Well, this is a challenge that isn’t just specific to AI, it’s one that I’m seeing on a society scale: It’s just this collapse of trust and human connection that I think is really, really concerning. And obviously AI is going to be the next frontier of that. I mean, whether it’s young people turning to chatbots in lieu of friends and family, meaning that we’re going to eventually erode the social bonds and sustained societies, or it’s people being exposed to more and more AI generated disinformation on social media, and people inherently not being able to trust what they see online. A couple of days ago, actually, I came across this deepfake recording of a principal in Baltimore, Maryland where he was allegedly saying all these like race, antisemitic things, and it was completely doctored, obviously using AI. If you hear it, it sounds like incredibly realistic. I wouldn’t have thought to second guess that or interrogate that if I heard it without knowing that it was generated by AI. And so I think that we’re really veering towards this state of almost reality collapse, as some have called it, where you don’t really know how to generate, how to sift through facts and fiction and understand what’s real and what’s not, and I think that again, that’s a larger problem that’s not just related to AI, but AI is definitely going to be a driving force, making things worse.

Where do you draw inspiration from the work that you do today?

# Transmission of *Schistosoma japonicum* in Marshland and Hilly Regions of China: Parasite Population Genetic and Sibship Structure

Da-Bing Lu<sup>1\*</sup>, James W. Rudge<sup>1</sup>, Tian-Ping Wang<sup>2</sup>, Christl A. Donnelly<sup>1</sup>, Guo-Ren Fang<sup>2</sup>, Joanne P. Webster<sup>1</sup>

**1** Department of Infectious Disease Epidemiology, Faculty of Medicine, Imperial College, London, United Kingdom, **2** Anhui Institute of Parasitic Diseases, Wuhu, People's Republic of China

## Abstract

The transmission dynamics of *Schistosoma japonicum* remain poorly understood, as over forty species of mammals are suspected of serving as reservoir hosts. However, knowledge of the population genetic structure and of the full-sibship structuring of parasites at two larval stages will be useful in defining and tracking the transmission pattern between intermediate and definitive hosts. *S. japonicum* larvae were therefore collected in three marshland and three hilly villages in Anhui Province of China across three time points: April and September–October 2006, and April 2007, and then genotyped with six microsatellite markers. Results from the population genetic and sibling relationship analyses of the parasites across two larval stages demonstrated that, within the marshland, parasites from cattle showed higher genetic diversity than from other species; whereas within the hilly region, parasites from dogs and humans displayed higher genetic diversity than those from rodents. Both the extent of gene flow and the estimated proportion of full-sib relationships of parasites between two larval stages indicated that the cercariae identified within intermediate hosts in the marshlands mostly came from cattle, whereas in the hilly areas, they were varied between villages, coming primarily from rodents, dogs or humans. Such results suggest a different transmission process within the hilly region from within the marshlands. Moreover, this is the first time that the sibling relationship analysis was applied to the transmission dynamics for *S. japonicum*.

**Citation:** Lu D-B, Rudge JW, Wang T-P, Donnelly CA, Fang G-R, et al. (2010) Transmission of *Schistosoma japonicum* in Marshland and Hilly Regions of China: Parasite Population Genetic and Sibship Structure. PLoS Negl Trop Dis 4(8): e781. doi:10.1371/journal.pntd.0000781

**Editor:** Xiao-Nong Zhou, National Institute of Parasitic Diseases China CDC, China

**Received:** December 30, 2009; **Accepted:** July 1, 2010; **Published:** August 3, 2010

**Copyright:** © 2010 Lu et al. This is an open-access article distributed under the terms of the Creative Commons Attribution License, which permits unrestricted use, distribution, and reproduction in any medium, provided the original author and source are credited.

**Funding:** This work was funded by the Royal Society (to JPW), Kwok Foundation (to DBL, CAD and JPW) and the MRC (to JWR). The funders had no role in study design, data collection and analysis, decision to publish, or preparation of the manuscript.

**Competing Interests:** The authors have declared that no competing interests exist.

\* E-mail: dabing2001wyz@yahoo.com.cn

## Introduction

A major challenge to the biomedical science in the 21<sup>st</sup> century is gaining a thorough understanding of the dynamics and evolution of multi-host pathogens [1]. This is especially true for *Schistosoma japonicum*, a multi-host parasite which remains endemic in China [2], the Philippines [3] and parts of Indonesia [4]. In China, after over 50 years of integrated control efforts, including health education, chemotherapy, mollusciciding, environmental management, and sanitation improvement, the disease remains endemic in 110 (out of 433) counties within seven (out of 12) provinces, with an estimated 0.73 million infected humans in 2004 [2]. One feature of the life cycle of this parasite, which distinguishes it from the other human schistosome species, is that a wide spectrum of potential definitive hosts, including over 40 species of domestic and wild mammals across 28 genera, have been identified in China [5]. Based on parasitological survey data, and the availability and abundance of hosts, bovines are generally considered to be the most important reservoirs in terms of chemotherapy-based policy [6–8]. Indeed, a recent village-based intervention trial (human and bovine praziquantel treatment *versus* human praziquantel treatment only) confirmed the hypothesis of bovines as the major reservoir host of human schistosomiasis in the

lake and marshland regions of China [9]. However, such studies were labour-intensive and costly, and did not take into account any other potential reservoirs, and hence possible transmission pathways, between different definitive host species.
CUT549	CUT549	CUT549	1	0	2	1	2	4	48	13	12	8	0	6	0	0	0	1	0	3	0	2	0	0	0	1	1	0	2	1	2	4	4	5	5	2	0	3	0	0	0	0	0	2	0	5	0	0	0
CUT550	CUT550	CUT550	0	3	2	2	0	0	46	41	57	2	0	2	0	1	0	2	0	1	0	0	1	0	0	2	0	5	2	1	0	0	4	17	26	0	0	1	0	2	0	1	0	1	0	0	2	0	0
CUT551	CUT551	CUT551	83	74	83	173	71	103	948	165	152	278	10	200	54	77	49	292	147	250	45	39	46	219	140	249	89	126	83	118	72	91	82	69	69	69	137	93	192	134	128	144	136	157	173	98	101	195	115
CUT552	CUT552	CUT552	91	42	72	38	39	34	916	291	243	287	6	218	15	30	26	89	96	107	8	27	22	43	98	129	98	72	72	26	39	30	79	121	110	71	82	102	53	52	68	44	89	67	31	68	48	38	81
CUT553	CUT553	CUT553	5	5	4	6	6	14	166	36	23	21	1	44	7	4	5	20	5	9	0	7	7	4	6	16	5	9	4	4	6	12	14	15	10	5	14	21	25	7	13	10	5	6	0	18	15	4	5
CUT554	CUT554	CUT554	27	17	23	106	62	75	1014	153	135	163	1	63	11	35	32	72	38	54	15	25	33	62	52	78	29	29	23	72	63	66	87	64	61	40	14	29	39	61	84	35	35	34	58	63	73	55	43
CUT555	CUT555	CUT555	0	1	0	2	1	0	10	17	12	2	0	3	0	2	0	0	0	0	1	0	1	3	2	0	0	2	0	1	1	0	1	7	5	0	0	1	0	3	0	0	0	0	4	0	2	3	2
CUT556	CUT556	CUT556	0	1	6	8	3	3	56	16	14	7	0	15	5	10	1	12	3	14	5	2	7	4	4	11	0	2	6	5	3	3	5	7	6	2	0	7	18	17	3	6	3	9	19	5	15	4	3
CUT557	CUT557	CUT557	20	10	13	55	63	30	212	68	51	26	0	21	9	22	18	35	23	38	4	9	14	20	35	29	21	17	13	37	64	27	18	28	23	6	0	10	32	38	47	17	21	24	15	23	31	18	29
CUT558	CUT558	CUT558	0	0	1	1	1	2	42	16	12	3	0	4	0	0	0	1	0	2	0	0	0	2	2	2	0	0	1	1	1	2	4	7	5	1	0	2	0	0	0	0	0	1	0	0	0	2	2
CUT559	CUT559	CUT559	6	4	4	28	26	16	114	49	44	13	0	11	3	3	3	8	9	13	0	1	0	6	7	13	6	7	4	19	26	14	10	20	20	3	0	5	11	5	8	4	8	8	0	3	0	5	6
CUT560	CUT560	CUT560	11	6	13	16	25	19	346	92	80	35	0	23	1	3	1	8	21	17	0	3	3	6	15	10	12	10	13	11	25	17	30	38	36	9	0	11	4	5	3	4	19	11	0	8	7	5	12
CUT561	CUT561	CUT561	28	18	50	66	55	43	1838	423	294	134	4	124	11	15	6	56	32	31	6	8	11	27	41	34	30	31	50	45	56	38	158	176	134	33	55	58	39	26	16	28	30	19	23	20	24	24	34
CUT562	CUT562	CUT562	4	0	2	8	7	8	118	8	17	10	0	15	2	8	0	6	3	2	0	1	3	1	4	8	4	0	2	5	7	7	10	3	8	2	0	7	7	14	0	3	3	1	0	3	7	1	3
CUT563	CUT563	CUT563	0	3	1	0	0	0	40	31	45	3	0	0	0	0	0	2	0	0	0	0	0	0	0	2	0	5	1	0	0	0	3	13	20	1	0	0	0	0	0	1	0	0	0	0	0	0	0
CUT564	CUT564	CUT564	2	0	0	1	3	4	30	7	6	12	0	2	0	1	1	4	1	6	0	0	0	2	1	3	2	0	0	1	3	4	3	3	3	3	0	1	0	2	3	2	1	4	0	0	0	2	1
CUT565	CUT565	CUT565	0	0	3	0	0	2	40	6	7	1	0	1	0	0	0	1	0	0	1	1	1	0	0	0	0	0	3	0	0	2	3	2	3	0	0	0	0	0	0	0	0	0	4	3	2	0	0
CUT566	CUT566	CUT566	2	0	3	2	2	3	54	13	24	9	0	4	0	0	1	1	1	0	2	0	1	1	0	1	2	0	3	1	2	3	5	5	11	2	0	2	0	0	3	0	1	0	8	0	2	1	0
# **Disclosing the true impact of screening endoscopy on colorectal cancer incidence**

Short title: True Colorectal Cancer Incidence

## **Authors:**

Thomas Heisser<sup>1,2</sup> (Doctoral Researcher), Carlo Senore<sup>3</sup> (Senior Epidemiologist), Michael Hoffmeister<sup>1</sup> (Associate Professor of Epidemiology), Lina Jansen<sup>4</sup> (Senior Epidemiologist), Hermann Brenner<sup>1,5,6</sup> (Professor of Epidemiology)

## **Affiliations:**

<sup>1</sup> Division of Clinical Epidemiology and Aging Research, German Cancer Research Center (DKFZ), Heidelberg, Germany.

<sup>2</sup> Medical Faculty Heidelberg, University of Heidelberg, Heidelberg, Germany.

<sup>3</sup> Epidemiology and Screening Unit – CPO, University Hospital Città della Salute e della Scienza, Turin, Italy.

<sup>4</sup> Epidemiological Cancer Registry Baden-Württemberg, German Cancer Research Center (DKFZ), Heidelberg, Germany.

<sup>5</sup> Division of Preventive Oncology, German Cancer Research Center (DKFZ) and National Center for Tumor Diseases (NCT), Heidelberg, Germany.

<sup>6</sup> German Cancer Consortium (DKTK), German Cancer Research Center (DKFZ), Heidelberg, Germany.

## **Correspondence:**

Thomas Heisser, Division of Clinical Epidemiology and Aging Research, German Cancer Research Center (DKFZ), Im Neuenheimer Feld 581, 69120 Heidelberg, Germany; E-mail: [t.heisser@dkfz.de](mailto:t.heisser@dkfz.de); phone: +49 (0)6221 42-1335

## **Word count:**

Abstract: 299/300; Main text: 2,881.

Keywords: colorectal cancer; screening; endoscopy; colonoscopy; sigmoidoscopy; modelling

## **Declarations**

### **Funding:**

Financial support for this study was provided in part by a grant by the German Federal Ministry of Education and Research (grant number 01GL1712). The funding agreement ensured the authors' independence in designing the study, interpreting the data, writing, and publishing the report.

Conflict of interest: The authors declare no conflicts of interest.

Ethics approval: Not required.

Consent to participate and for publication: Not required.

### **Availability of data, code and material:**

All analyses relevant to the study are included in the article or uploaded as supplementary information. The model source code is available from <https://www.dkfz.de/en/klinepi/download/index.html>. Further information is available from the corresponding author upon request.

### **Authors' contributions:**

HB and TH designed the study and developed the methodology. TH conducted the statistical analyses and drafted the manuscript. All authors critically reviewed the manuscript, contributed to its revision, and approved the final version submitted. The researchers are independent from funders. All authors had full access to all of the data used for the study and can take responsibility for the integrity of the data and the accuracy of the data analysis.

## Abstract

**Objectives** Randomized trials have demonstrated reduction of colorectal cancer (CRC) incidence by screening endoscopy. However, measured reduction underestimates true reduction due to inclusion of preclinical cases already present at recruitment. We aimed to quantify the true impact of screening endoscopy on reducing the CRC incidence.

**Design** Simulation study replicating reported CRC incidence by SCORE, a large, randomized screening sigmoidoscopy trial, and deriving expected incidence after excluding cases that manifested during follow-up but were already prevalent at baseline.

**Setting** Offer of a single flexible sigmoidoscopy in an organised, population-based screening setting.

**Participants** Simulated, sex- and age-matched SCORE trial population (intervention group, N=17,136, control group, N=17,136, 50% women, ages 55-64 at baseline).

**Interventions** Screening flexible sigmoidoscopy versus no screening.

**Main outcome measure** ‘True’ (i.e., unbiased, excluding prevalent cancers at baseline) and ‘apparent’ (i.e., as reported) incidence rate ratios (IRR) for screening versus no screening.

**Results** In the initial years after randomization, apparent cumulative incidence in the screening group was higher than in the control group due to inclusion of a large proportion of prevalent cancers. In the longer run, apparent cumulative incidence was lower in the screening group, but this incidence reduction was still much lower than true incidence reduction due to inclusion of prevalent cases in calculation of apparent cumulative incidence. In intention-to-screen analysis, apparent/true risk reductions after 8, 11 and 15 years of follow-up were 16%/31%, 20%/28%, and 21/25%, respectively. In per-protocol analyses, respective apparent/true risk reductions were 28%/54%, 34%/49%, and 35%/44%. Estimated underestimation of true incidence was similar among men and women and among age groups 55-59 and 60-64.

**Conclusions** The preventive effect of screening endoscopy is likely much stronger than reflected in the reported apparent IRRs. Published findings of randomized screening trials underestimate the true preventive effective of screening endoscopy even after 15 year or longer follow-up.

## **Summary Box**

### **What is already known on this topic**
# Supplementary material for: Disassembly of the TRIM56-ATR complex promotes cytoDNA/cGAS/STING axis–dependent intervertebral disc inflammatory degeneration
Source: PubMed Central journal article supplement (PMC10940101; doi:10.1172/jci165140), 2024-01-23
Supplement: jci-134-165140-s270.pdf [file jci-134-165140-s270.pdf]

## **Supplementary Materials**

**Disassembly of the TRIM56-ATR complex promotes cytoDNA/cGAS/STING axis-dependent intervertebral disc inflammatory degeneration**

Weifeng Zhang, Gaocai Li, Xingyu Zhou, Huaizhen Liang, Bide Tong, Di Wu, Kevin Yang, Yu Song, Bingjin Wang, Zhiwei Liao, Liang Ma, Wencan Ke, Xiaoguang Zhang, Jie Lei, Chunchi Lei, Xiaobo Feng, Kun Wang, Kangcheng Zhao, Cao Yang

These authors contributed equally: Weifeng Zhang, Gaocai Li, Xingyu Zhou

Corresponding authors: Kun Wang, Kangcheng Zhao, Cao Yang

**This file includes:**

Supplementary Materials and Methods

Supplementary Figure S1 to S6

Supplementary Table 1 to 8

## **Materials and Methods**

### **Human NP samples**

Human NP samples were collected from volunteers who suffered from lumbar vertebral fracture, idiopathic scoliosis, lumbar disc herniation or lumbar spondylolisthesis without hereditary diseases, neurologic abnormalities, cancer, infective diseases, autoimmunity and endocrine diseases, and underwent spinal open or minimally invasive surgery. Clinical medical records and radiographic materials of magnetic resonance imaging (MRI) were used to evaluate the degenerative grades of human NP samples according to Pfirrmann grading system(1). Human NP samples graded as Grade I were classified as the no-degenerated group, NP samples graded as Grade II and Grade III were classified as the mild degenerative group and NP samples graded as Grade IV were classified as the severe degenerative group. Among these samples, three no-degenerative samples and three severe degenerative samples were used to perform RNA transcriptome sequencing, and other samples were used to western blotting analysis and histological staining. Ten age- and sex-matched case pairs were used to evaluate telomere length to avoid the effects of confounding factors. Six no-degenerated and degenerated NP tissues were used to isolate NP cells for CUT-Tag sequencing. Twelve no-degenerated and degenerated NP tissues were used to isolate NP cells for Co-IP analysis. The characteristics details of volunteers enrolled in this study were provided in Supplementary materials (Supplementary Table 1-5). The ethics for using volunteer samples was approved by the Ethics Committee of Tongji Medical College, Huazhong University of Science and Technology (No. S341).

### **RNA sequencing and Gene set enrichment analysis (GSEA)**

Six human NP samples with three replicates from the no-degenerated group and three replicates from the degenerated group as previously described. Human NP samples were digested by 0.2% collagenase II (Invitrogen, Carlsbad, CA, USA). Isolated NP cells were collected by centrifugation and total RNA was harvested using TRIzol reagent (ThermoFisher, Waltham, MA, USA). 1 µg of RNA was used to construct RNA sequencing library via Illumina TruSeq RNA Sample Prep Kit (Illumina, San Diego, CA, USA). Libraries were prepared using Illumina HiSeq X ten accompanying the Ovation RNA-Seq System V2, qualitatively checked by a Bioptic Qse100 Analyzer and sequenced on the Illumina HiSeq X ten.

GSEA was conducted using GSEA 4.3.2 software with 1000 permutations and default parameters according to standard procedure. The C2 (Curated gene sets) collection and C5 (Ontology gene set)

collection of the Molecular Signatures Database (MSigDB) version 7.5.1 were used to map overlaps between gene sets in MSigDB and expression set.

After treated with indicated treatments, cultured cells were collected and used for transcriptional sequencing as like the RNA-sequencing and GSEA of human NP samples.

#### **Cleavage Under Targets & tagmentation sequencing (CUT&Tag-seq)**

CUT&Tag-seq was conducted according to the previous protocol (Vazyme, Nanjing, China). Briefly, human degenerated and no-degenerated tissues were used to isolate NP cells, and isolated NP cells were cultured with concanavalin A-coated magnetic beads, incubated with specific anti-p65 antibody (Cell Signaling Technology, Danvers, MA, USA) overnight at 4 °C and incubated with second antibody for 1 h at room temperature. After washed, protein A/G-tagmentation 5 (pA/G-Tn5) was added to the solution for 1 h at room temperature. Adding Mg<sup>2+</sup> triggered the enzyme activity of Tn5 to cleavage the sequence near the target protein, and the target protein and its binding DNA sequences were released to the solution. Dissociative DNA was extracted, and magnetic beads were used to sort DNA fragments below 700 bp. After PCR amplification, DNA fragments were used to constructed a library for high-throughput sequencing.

I think that a lot of the names that I mentioned before are some of the leading thinkers that I’ve been following in the space, and also like their books, their movies, things that have been super formative. But I would say, first and foremost, what I found to be most inspiring is just seeing how this like random issue that I was thinking about pretty much in a silo when I was 15 is now something that a lot more people my age are thinking a lot about now. It’s been really gratifying to see this movement grow from pretty much me in my like bedroom when I was 15, to like a thousand people now all over the world, and everyone’s super passionate about it, and it’s just so amazing to see people hosting events in their countries and running workshops and reaching out to legislators. And there’s so much excitement and agency around this that I find really, really inspiring. So I would just say, what keeps me going and what I find really re-energizing is just the spirit of the young people that I work with and seeing how immensely this network has grown, but also how deeply invested every single person is in the work, and how they’re taking ownership over this in their own lives, I think that has been really, really powerful for me to see, so that’s been really inspiring. In terms of direction and the issues and who I’m taking inspiration from in that sense, like I mentioned, some big influences have been Joy Buolamwini, Stuart Russell, Yoshua Bengio, some of the top AI thinkers who, I think, are thinking about a broad range of risks, and I think that getting that balance of perspectives has been really crucial for me and shaping my own views on AI.